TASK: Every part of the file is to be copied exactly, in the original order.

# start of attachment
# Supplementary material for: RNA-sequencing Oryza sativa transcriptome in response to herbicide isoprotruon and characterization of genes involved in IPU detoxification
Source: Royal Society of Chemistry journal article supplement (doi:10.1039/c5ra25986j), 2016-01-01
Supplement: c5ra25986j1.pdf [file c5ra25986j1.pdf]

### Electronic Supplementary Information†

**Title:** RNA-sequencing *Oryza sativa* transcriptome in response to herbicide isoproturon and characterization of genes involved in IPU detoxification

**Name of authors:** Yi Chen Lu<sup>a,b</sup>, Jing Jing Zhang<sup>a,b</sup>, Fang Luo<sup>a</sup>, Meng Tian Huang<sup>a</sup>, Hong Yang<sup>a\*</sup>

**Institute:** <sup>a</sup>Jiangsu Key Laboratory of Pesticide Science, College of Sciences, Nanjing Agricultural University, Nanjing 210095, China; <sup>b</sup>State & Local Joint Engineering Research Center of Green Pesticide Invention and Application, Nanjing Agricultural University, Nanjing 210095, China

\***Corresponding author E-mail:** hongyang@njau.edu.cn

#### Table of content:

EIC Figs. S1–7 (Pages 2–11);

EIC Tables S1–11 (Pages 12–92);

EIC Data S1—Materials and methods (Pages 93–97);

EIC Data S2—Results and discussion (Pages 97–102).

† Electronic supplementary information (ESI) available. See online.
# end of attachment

# Supplementary material for: RNA-sequencing Oryza sativa transcriptome in response to herbicide isoprotruon and characterization of genes involved in IPU detoxification
Source: Royal Society of Chemistry journal article supplement (doi:10.1039/c5ra25986j), 2016-01-01
Supplement: c5ra25986j1.pdf [file c5ra25986j1.pdf]

### Electronic Supplementary Information†

**Title:** RNA-sequencing *Oryza sativa* transcriptome in response to herbicide isoproturon and characterization of genes involved in IPU detoxification

**Name of authors:** Yi Chen Lu<sup>a,b</sup>, Jing Jing Zhang<sup>a,b</sup>, Fang Luo<sup>a</sup>, Meng Tian Huang<sup>a</sup>, Hong Yang<sup>a\*</sup>

**Institute:** <sup>a</sup>Jiangsu Key Laboratory of Pesticide Science, College of Sciences, Nanjing Agricultural University, Nanjing 210095, China; <sup>b</sup>State & Local Joint Engineering Research Center of Green Pesticide Invention and Application, Nanjing Agricultural University, Nanjing 210095, China

\***Corresponding author E-mail:** hongyang@njau.edu.cn

#### Table of content:

EIC Figs. S1–7 (Pages 2–11);

EIC Tables S1–11 (Pages 12–92);

EIC Data S1—Materials and methods (Pages 93–97);

EIC Data S2—Results and discussion (Pages 97–102).

† Electronic supplementary information (ESI) available. See online.